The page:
Type 2 diabetes patients treated with a once-weekly version of the incretin mimetic exenatide (Byetta) had better glycemic control than those given the injections twice a day, the standard approach, showed findings published online by The Lancet.
Moreover, there was no increased risk of hypoglycemia, and reductions in bodyweight mirrored those seen with standard dosing, said Daniel J. Drucker, M.D., of the University of Toronto.
Dr. Drucker first reported results of the 30-week, open-label, non-inferiority trial at the American Diabetes Association meeting in June. (See: ADA: No Efficacy or Safety Sacrifice with Weekly Exenatide (Byetta))
The 30-week trial recruited 295 patients with type 2 diabetes. Patients were evenly randomized to a once-weekly injection of long-acting exenatide (2 mg) or twice-daily injections (10 µg). At baseline the mean HbA1c was 8.3%, mean fasting plasma glucose was 9 mmol/L, and average weight was 102 kg. Patients had diabetes for an average of seven years.
Patients had an average reduction of 1.9 percentage points in HbAIc during 30 weeks of treatment with weekly exenatide, compared with a 1.5-point decline in 147 patients receiving twice-a-day doses of the standard drug (P<0.0023), Dr. Drucker wrote.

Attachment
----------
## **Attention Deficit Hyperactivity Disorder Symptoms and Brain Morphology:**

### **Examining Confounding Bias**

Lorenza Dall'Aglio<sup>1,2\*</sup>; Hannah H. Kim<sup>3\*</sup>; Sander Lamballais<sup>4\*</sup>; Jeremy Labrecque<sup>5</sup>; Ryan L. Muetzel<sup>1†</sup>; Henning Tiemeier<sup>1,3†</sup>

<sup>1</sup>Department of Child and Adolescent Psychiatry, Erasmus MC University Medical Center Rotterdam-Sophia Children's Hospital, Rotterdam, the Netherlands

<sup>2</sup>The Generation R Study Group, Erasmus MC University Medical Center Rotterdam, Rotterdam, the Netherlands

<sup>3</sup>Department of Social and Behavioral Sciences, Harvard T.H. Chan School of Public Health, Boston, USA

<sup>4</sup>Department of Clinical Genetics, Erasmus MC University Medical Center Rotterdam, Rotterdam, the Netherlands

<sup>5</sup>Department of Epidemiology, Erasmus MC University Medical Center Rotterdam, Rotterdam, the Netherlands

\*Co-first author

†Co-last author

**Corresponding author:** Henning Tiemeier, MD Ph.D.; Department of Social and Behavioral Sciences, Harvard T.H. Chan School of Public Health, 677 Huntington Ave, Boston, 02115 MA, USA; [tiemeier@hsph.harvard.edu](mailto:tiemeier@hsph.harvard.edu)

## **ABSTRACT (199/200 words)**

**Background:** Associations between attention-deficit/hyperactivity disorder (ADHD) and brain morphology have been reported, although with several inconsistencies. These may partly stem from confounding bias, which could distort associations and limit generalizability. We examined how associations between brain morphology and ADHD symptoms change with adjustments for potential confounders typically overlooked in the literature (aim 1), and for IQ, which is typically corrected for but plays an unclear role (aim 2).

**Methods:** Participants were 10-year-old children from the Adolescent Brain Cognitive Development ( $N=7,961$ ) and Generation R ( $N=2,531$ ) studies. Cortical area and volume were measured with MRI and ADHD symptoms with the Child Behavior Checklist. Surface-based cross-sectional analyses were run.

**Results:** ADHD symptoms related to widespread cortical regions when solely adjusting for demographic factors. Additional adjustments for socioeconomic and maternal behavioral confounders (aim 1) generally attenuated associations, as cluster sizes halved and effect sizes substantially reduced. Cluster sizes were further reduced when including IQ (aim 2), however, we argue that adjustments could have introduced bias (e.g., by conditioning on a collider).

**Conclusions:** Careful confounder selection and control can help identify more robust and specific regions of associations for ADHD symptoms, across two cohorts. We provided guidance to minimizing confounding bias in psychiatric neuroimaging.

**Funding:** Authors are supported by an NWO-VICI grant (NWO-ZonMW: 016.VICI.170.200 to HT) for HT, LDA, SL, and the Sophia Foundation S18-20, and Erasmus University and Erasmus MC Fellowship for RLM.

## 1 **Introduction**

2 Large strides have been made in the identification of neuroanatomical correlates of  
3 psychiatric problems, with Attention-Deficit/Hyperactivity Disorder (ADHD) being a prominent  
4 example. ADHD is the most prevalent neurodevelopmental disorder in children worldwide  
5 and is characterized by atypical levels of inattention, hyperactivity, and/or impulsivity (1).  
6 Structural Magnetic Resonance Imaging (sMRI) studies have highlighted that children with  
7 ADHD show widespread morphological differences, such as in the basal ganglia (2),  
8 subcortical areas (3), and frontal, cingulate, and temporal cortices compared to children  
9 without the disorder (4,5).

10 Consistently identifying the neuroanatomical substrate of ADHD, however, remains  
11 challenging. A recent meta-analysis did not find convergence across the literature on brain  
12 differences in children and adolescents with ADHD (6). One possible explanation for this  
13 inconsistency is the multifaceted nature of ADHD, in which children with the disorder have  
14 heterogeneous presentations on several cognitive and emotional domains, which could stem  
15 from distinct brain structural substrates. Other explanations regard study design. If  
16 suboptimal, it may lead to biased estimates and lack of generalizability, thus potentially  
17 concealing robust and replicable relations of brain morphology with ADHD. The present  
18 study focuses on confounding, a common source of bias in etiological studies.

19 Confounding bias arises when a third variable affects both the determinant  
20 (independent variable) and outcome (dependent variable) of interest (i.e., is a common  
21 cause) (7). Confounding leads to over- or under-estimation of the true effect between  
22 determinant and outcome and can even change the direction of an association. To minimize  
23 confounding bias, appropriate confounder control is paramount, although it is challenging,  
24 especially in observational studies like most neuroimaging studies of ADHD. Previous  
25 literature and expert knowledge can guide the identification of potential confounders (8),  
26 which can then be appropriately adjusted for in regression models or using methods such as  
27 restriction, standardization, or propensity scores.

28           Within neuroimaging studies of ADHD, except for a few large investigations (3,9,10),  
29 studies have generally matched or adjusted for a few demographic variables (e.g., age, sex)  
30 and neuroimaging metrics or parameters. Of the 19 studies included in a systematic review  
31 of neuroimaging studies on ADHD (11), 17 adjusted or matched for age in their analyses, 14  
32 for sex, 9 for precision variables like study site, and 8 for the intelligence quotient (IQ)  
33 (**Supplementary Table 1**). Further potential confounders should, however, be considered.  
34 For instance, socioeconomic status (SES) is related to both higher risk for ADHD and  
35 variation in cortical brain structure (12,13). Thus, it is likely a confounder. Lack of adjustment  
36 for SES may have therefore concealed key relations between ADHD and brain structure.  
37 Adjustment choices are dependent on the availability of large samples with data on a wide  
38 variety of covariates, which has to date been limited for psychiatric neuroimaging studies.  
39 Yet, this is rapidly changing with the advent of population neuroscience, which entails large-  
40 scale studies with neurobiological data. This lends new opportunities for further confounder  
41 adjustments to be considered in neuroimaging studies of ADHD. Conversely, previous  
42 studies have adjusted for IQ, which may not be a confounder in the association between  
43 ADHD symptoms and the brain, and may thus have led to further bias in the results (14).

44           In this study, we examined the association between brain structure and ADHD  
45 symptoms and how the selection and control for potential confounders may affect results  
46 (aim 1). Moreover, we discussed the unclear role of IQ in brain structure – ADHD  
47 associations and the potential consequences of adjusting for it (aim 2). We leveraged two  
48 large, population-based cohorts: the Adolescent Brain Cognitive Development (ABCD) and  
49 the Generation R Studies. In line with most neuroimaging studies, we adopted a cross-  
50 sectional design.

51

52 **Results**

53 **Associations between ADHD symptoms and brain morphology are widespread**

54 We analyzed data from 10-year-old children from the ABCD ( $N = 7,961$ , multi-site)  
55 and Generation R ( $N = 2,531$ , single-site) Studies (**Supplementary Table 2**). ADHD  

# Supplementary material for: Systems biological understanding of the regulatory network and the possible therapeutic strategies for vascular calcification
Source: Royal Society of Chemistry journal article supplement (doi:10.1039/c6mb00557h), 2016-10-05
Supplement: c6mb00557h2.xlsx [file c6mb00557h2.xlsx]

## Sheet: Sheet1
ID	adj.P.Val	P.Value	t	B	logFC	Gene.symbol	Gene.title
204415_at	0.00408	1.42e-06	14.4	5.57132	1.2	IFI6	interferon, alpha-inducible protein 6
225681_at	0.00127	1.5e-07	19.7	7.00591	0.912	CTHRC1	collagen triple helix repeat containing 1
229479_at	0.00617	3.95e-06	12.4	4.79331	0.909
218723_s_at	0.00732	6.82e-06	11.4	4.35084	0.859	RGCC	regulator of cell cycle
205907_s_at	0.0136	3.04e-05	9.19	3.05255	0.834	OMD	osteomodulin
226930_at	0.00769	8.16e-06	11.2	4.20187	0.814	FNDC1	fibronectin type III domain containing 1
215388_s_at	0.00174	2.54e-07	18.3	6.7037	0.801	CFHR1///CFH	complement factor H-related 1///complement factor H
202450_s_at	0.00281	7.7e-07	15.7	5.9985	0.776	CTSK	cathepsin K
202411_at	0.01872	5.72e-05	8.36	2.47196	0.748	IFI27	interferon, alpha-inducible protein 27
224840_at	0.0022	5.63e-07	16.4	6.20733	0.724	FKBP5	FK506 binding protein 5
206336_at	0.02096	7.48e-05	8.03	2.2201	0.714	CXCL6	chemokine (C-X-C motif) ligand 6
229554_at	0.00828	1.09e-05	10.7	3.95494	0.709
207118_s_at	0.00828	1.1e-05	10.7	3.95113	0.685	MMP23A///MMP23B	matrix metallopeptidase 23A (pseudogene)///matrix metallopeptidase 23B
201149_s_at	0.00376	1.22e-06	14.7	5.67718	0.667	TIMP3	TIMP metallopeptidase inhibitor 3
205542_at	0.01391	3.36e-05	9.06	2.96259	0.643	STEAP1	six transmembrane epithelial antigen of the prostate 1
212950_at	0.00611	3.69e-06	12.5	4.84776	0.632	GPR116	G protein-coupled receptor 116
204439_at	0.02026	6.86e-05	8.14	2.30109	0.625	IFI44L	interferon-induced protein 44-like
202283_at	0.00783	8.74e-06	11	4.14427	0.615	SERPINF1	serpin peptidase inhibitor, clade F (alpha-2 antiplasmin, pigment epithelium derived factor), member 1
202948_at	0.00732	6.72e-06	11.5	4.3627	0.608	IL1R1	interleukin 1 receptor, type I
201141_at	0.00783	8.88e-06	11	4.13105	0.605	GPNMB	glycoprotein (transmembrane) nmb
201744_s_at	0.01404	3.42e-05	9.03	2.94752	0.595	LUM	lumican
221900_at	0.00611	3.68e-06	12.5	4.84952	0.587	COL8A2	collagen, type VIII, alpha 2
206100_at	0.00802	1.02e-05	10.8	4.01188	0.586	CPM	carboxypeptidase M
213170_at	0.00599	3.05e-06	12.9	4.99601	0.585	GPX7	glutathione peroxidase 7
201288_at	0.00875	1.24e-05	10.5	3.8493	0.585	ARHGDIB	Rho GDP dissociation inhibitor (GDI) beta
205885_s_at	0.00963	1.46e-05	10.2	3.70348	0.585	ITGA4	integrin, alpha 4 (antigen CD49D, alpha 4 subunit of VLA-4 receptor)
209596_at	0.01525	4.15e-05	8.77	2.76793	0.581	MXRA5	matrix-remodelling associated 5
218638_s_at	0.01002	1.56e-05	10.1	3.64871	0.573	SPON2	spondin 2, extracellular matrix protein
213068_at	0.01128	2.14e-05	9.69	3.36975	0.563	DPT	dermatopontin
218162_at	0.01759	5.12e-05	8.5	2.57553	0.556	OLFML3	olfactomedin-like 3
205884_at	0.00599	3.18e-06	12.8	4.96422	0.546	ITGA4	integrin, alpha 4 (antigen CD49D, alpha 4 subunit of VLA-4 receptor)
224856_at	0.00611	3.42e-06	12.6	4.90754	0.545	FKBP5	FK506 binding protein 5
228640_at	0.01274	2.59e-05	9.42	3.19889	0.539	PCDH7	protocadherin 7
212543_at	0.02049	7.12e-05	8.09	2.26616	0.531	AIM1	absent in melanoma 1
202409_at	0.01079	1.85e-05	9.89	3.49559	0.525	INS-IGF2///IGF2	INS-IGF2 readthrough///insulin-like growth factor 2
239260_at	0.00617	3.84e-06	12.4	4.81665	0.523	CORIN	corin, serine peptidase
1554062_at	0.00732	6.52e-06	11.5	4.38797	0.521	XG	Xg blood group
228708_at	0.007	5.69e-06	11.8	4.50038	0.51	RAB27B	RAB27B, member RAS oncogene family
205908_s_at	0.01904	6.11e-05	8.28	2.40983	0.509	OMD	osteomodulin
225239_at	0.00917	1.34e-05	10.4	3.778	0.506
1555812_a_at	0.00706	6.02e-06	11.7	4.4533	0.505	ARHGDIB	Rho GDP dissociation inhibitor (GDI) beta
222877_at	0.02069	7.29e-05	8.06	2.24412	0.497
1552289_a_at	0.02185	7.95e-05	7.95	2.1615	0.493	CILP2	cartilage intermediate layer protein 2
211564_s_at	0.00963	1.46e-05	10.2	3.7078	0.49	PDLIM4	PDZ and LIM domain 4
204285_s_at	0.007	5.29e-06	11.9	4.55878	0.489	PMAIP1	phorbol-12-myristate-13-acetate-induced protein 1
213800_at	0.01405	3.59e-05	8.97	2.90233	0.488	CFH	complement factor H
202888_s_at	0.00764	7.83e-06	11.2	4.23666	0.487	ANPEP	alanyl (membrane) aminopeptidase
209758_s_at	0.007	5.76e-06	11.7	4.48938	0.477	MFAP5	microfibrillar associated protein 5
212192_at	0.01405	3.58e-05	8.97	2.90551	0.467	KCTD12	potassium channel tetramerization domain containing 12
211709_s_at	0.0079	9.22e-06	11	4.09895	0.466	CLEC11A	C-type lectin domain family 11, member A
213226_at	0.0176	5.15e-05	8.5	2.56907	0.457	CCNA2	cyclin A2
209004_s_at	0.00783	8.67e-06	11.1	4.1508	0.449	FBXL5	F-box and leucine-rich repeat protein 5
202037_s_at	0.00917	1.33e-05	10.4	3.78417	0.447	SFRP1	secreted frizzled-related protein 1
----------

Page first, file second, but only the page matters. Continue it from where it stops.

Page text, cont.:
Moreover, 77% of patients taking the long-acting exenatide had HbA1c levels of 7 % or less versus 61% of patients in the standard therapy arm (P=0.0039).
Body weight decreased by 3.7% among patients who received the once-weekly injection and 3.6% among patients who received standard-dose exenatide.
But Dr. Scheen concluded that a once-a week treatment "could favorably and durably affect the control of basal and postprandial glucose, which results from an exquisite continuous timely feedback loop."
Drucker DJ "Exenatide once weekly versus twice daily for the treatment of type 2 diabetes: a randomized, open-label, non-inferiority study" Lancet 2008; DOI: 10.1016/S0140-6736(08)61206-4.
DID YOU KNOW:
Early control of diabetes reduces later complications: A study has found that people with diabetes who control their blood sugar have lower risk of complications such as heart attacks and death even 10 years later. The study, a follow-up study published online Wednesday in the New England Journal of Medicine, involved 3,277 people who had participated in a previous study of 4,209 newly diagnosed diabetics. The follow-up study tracked the patients for 10 years through clinic visits and then questionnaires. Within a year of the end of the original study, differences in blood sugar control between a group instructed to take diabetes drugs and a group instructed to restrict diet disappeared. The group that took drugs reduced its risk of heart attack by 15 to 33 percent and its risk of death by 13 to 27 percent, depending on which drug it used. See This Weeks’ Item #1
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